A decade ago, Calvin Ayre predicted a sea change in online payments through the rise of Bitcoin. It has, he says on his website, taken a little longer than he had thought. When Elon Musk invested US$ 5 billion into Bitcoin it was a signal to the rest of the world that cryptocurrency had arrived. Add to this the New York listing of the crypto exchange Coinbase. The prospectus reveals that during the first three months of 2021, Coinbase attracted 13 million new users, and estimated it generated earnings of $730 million to $800 million on revenue of $1.8 billion. Even at the lower end of that earnings range, that is more than twice its profit for last year.

What about future growth? I would say it’s pretty much assured. Already we are seeing payment providers in the gambling industry providing cryptocurrency solutions and some websites already offer crypto currency gambling the most notable being, Red Dog, Bitstarz, Ignition and Bovada. There are dozens more.

Taxing Problems for Offshore e-Gaming

If President Biden’s proposals for corporation tax come to fruition, they will present a problem to the offshore e-gaming industry.

E-Gaming represents about 20% of GDP for the Isle of Man, Malta employs directly around 8,000 people, twelve percent of Gibraltar’s workforce is employed in e-gaming and produces 25% of GDP.

Sports bookmakers located offshore at the turn of the millennium, not to save tax but to be licensed legitimate business. At that time countries within the EU had no e-gaming legislation. However, lower tax rates on the bet meant that they could offer to the gambler a higher pay-out ratio than we have seen before. The business grew rapidly as the consumers flocked to the exceptional value on offer. Lower corporation tax rates meant the operators had more cash to invest in software and marketing, consequently the i-gaming industry were one of the first commercial enterprises to adopt mobile technology to produce a live experience for the customer.

This virtuous cycle of revenue to continual investment in product may now be under threat from President Biden.

Offshore e-gaming requires three pillars to be successful. A low tax rate on betting so that the consumer is assured a high pay out, a low corporation tax so that the business can continually re-invest in new technology in this competitive environment, and good infrastructure. Higher rates of corporation tax will not kill the model. But with ever more regulation, compliance, affordability checks and so on, the removal of this important pilar to success is not helpful, to say the least.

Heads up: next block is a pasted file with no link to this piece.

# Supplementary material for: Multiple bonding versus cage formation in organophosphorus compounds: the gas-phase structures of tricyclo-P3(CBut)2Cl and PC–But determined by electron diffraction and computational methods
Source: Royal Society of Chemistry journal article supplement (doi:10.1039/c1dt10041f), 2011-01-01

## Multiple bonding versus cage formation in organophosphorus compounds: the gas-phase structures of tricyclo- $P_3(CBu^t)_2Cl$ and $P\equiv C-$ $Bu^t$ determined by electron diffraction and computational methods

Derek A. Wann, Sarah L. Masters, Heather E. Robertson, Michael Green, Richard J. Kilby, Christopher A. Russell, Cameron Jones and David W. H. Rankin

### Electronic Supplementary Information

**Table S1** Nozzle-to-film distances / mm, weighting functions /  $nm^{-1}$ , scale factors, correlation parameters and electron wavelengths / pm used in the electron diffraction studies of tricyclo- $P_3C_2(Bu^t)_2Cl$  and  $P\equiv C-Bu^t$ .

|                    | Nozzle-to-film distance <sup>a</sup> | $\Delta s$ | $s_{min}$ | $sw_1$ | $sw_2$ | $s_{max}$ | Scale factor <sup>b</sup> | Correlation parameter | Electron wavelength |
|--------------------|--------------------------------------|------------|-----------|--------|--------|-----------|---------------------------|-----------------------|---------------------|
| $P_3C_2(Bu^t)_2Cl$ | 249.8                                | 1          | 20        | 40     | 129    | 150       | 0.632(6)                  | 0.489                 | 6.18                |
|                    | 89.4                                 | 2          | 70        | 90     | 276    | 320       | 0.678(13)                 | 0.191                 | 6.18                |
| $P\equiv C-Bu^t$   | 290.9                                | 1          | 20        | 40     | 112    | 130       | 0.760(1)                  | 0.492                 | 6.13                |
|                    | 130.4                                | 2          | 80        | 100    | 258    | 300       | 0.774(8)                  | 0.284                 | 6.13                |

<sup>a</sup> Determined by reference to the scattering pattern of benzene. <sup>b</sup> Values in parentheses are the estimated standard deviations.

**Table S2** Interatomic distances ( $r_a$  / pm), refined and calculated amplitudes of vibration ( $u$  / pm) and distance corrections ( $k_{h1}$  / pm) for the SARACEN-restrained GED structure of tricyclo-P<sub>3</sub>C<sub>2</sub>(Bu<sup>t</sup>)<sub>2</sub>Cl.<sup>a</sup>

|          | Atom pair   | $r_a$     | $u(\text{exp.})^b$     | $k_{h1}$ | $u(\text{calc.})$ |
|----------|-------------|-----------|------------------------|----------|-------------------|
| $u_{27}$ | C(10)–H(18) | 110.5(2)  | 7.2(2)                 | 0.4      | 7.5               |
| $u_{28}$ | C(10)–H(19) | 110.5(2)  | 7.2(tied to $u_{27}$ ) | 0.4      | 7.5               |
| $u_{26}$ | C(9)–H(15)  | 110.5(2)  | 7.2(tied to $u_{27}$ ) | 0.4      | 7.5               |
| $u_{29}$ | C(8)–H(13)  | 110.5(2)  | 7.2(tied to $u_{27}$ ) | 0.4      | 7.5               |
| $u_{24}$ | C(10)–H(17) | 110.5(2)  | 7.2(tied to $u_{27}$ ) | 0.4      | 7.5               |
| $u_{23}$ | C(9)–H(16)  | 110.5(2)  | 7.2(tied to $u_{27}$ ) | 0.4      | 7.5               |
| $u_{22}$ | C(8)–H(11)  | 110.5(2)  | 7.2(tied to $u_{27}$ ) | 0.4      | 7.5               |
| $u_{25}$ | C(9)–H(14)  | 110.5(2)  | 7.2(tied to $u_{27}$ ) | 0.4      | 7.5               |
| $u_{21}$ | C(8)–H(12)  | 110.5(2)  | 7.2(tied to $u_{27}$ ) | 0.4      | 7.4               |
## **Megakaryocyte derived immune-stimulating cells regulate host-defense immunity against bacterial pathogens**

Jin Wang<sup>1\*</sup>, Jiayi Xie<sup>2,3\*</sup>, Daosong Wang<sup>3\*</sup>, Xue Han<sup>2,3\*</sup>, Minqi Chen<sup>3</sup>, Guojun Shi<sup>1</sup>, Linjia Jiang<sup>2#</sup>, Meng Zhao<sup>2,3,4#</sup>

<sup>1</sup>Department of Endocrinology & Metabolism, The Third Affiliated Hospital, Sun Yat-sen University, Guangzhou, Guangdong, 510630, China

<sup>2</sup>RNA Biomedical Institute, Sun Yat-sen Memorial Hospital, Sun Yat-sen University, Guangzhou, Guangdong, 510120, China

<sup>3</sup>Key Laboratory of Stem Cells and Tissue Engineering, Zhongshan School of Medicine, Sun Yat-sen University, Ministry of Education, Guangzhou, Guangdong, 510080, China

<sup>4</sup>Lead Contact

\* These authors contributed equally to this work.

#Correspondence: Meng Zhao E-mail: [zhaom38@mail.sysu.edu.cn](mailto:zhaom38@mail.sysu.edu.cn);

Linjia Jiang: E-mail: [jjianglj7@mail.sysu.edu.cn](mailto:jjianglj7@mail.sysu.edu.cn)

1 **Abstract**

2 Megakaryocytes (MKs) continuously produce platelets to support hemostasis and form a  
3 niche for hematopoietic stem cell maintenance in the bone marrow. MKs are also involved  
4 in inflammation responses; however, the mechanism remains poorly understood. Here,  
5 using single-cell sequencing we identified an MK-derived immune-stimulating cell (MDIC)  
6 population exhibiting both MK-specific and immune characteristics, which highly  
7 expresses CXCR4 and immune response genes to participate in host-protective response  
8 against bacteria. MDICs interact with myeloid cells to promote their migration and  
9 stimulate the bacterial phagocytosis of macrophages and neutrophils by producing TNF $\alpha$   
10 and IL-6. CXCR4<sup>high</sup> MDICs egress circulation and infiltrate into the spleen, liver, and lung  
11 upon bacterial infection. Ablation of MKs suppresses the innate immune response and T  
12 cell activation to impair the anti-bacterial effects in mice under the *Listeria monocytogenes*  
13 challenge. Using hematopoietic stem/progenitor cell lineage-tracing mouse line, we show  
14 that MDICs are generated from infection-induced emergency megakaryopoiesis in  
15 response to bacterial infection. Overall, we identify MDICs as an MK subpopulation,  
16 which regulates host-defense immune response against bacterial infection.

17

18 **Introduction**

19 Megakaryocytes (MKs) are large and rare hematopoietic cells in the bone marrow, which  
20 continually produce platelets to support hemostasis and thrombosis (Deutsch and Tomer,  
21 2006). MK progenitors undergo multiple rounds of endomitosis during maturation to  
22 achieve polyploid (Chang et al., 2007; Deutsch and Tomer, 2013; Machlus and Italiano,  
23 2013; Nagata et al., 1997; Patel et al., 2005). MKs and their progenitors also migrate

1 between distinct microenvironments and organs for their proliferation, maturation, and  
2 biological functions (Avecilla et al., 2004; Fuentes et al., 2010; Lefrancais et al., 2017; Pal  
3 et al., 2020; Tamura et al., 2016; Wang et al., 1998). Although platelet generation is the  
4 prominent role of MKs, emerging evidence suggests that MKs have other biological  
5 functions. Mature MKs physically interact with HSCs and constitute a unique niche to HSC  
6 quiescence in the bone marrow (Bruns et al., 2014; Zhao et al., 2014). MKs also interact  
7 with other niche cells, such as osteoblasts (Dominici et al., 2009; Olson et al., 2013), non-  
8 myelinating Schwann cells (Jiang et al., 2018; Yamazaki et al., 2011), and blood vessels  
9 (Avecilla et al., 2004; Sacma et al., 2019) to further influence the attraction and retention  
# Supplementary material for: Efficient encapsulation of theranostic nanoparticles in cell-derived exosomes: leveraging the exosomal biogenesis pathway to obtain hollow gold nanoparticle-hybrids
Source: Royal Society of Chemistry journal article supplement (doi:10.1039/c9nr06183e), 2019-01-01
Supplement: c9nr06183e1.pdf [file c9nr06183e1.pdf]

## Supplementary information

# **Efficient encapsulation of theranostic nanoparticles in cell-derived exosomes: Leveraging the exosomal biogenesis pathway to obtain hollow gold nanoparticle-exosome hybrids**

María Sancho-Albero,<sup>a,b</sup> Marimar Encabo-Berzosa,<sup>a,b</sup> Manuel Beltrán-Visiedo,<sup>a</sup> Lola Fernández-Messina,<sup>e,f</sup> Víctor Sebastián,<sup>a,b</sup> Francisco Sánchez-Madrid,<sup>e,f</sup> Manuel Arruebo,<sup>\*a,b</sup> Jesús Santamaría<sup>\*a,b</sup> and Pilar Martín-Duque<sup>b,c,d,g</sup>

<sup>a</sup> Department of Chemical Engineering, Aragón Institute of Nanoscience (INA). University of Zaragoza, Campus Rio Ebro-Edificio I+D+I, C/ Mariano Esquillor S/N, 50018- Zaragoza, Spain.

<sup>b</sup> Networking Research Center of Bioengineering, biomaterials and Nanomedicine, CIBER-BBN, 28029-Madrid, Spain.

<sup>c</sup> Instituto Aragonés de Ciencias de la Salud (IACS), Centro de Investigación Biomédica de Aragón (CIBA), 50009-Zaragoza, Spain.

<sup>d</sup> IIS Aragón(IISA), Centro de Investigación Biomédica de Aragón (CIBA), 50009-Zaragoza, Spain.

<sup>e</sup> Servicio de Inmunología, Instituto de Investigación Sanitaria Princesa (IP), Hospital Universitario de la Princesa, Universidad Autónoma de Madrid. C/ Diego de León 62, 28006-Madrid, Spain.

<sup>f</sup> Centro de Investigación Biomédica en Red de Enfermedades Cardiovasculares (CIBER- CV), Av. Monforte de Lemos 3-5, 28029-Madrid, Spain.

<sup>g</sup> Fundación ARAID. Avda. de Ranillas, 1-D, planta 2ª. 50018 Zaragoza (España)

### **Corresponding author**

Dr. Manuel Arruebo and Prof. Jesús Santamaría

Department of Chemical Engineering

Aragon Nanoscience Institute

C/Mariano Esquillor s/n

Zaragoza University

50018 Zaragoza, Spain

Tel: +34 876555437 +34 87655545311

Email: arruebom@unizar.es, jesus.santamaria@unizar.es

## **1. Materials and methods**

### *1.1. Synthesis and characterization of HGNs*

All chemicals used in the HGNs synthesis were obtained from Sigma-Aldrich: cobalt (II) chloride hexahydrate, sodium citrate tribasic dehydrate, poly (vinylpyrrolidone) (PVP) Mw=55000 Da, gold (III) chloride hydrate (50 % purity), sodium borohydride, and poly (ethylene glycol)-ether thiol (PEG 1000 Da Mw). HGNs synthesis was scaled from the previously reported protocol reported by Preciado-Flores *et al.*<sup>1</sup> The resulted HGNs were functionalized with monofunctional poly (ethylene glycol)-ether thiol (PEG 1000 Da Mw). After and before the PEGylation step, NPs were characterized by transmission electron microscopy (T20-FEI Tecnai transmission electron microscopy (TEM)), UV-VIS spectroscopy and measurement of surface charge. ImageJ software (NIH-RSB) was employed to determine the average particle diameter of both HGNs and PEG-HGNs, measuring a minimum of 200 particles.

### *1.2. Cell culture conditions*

The proposals so far are directed at large multinational companies, think Amazon, Microsoft and Apple who are under threat in Europe from proposed digital taxes. Under Biden’s proposal digital taxes would fall away. But he wants all OECD countries and EU countries to charge a minimum corporation tax rate of 21%, the US rate will be 28%, and the tax will be paid at the point of consumption in the country where the services or goods are sold, sound familiar?

Richard Murphy writing in the FT said ‘There will be no offset of high tax rates paid in Japan on low ones in Bermuda anymore’.

Biden has been clever to target the big companies, a sure fire way to garner public support, but according to Murphy the OECD will not be content with allowing mid-tier companies off the hook. The larger gambling companies would sit in the mid-tier category. Mid-tier companies will then call for parity with everyone, the arguments based on unfair taxes on efficiency, level playing field and so on will be trotted out. No global business should be under the illusion that this will not affect them eventually.

I expect Ireland, Malta, Cyprus, Singapore, Cayman, Bahamas, Bermuda, Hong Kong, Jersey, and Isle of Man to put up a fight, as will the major corporations many of which funded the Biden Presidency.

According to 98% of US based CEOs recently surveyed, the corporate tax increase would have a “moderately” to “very” severe impact on their company’s ability to compete on a global scale. Three-quarters of the CEOs said that the tax would negatively affect their ability to conduct research and development innovation, and 71% said it would negatively affect their ability to hire new employees.

By Warwick Bartlett